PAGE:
‘Cooking human waste in the microwave could make it a safer fertilizer’

Since I went vegan, I’ve always had a question in my head. How does the world replace cow pies as we start eating less and less beef? I’d talked to people about the cow poop we use to grow crops all over the country, and I never heard a straight answer on what could replace it.

This article from Jessica Fu at New Food Economy touches on a possible option: the microwave.

Last year, the city of Montgomery, Alabama, agreed to pay $32,000 in penalties over sewage sludge—the leftovers that remain after wastewater gets treated—that it had applied as fertilizer on farms. At issue wasn’t the application itself; it was that the sludge was really high in nickel. Too high, in fact. Testing showed that the sludge exceeded limits set by the Environmental Protection Agency (EPA) for the metal by as much as 25 percent, according to a consent decree. Overexposure to nickel can cause allergic reactions, stomach pain, and breathing issues, according to the Centers for Disease Control and Prevention.

Maybe the city should have treated its sludge with more caution. Maybe it should have microwaved it.

As it turns out, electromagnetic radiation can be quite helpful in facilitating the removal of heavy metals from sewage sludge. Scientists recently made this discovery through a crude yet effective method: putting human waste in a kitchen microwave. A team of researchers at the Florida A&M University-Florida State University (FAMU-FSU) College of Engineering found that putting a sludge sample in a 1000-watt Emerson-brand microwave for 10 seconds greatly increased the percentage of metal that could be extracted from it.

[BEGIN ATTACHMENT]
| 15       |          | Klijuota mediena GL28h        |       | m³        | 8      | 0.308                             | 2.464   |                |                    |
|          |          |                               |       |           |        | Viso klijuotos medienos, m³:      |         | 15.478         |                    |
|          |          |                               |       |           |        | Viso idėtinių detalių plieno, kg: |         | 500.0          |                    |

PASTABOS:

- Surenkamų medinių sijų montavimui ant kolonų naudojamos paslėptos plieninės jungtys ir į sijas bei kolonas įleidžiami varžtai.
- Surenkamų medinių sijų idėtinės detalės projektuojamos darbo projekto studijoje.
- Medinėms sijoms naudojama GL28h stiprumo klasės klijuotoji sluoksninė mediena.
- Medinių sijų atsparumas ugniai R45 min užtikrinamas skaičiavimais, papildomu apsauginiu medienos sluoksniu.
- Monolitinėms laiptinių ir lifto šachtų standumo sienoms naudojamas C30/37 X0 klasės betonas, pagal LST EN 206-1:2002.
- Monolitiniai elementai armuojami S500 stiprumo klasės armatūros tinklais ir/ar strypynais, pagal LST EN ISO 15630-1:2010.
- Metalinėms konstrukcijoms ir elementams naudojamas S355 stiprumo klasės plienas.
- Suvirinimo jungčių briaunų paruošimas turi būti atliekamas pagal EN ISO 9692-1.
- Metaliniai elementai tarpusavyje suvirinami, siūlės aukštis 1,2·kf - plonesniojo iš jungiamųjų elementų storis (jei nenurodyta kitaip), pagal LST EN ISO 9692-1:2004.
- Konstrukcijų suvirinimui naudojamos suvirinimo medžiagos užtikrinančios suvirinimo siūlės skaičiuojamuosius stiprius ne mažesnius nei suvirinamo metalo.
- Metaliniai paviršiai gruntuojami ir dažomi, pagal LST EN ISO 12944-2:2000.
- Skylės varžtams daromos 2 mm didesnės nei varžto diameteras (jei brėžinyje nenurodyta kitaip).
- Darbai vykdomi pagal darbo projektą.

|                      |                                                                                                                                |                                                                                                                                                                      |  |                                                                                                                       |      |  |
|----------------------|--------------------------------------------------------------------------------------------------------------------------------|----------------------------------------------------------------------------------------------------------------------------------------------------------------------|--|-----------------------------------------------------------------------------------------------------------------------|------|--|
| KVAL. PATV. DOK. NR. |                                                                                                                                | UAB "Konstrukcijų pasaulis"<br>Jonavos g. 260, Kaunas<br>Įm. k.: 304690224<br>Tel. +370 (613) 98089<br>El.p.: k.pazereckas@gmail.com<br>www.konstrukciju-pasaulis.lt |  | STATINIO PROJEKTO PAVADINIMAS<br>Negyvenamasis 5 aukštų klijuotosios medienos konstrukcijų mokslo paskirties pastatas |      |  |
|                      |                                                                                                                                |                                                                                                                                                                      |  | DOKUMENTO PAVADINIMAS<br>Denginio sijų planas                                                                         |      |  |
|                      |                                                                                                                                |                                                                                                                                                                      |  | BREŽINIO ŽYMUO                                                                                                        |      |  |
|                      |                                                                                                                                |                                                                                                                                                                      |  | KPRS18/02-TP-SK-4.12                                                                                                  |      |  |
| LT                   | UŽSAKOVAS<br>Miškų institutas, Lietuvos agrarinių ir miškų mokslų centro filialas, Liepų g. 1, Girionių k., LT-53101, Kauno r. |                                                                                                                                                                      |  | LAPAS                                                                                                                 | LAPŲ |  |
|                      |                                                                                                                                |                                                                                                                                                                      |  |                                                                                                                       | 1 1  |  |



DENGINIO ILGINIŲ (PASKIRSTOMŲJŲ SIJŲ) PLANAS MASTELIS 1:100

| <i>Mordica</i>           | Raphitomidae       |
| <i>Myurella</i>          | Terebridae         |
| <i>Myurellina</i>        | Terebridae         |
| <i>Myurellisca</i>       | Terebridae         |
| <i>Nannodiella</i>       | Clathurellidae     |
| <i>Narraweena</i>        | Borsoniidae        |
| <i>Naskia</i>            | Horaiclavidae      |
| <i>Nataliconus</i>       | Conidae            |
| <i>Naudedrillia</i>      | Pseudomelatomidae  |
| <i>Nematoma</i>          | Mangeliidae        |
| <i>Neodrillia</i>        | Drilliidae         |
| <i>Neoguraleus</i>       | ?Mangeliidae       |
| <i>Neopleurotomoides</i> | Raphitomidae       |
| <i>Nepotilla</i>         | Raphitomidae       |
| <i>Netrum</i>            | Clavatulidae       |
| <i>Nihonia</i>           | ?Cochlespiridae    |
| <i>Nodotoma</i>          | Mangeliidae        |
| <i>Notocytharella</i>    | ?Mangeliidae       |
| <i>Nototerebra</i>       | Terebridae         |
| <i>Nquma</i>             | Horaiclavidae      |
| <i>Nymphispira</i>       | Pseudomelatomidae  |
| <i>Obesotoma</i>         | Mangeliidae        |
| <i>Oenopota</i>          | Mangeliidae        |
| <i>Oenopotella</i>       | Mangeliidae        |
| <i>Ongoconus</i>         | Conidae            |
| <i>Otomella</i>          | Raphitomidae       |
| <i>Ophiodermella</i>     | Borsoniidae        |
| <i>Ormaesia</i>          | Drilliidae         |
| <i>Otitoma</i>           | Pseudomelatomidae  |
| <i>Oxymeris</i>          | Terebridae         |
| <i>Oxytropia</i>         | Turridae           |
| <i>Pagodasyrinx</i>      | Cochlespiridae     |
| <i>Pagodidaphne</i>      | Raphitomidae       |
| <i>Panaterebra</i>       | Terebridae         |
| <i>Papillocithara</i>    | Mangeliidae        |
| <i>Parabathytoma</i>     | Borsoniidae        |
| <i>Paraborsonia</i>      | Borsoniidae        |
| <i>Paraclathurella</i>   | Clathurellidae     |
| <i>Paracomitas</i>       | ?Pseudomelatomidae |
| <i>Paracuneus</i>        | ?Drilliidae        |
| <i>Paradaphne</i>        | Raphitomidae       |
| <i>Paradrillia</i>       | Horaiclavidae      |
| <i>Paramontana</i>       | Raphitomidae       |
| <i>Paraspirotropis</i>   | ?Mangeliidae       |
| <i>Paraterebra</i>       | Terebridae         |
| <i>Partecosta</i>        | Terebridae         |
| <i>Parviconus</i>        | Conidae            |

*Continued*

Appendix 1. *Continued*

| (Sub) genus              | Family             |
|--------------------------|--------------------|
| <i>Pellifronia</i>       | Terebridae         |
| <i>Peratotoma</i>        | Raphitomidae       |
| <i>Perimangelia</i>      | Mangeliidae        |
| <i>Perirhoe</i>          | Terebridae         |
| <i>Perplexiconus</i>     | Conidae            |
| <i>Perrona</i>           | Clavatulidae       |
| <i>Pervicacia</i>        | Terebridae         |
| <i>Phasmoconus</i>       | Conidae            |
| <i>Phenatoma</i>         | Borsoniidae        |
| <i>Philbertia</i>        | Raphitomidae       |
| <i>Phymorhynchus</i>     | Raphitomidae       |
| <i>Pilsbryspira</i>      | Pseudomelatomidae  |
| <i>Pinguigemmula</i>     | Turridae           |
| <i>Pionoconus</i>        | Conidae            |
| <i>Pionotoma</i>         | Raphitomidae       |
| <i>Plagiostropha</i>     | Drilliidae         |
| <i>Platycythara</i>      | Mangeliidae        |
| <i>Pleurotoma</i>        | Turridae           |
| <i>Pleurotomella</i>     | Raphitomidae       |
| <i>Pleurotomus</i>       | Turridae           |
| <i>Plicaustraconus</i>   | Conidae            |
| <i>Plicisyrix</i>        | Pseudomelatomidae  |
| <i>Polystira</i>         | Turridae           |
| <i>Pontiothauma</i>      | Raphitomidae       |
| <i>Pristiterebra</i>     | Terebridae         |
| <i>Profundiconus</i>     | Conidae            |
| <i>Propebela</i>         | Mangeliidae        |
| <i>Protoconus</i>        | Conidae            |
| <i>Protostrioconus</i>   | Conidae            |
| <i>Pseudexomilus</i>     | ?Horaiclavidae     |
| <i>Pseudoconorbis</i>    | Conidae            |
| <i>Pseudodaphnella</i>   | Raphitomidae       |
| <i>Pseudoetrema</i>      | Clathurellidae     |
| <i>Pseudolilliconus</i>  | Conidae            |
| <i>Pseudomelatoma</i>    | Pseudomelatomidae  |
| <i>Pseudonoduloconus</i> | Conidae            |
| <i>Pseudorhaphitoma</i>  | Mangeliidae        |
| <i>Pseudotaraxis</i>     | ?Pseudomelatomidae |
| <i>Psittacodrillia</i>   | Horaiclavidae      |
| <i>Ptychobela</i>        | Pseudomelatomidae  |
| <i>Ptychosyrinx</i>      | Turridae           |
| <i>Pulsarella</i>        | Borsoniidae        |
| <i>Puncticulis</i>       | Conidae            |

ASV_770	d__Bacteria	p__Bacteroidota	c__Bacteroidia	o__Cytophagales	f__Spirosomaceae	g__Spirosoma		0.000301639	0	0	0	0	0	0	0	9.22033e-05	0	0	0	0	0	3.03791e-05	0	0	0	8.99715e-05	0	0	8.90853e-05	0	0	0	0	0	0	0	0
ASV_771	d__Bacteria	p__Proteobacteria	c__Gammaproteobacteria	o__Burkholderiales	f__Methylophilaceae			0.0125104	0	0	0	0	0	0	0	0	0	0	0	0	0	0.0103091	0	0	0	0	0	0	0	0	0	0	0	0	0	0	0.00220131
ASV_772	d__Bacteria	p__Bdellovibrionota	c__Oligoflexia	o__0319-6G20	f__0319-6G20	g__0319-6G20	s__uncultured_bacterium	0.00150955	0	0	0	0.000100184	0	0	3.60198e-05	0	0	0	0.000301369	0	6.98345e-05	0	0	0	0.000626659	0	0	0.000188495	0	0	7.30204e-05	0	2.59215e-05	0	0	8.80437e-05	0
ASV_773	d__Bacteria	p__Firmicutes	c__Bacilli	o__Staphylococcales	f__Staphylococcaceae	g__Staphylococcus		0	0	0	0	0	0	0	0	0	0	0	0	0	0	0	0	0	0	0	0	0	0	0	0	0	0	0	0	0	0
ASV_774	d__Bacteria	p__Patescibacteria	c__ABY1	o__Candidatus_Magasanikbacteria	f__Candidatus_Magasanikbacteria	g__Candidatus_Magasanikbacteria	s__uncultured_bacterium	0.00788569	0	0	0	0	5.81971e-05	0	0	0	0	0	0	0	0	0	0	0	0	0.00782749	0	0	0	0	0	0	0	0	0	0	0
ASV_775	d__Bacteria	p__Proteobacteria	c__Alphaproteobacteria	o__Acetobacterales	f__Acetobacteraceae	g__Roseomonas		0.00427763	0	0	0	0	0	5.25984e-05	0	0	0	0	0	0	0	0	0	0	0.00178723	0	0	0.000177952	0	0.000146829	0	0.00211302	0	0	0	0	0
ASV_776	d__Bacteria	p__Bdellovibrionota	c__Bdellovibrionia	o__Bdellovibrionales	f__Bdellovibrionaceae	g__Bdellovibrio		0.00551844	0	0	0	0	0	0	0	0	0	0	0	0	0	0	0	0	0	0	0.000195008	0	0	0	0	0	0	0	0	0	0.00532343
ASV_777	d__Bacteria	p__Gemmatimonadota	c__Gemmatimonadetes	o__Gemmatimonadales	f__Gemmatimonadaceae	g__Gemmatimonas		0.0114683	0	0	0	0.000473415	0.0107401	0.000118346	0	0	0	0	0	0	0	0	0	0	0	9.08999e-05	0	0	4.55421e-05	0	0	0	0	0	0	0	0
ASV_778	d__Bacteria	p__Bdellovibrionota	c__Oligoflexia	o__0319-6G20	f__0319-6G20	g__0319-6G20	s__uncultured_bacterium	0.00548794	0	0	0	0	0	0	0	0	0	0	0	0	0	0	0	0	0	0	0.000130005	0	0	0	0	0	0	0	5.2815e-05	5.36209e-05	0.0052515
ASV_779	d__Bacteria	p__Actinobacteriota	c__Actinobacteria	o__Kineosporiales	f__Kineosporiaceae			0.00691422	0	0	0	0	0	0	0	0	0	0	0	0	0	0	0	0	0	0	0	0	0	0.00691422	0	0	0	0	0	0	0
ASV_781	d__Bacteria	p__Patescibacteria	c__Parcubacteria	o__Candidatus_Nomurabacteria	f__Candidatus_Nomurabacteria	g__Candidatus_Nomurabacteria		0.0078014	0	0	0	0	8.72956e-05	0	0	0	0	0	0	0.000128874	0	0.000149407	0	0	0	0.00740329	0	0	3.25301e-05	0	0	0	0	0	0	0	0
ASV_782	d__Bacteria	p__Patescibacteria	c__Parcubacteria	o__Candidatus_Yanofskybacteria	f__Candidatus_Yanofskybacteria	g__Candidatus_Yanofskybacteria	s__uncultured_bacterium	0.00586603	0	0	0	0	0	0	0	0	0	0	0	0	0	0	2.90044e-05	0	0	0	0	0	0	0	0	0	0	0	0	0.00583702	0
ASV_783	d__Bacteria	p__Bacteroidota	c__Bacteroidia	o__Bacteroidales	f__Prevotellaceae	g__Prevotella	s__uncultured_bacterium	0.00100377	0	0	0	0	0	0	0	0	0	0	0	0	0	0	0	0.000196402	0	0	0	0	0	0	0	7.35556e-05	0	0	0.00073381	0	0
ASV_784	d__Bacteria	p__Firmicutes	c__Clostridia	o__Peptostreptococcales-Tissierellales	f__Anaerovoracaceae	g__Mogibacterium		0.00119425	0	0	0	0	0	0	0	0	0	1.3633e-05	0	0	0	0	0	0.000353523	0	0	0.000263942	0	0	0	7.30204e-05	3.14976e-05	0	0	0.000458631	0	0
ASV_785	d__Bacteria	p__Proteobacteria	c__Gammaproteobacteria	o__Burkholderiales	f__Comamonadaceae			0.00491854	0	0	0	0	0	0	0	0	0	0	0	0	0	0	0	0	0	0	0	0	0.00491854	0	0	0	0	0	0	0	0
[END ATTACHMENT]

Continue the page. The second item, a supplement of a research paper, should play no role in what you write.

But it seems to be complicated too:

“Even if you could theoretically remove all the heavy metals, what is remaining that we’re not focusing on?” asks Amanda Starbuck, senior food researcher and policy analyst at environmental advocacy group Food and Water Watch. The use of sludge as fertilizer has drawn vocal backlash because it can sometimes contain measurable amounts of pathogens—disease-causing microorganisms that include Salmonella, E. coli, and listeria. To market food as organic, farmers aren’t allowed to use biosolids on their fields. Last year, Whole Foods announced that it would not sell produce grown on land treated with sewage sludge.

That said, there’s no consensus about whether biosolids actually impact eater health. And, save for incinerating it, placing it in a landfill, or spraying it onto land—what can we do, practically speaking, about the enormous amounts of human waste that we generate?

I need to learn more about poo.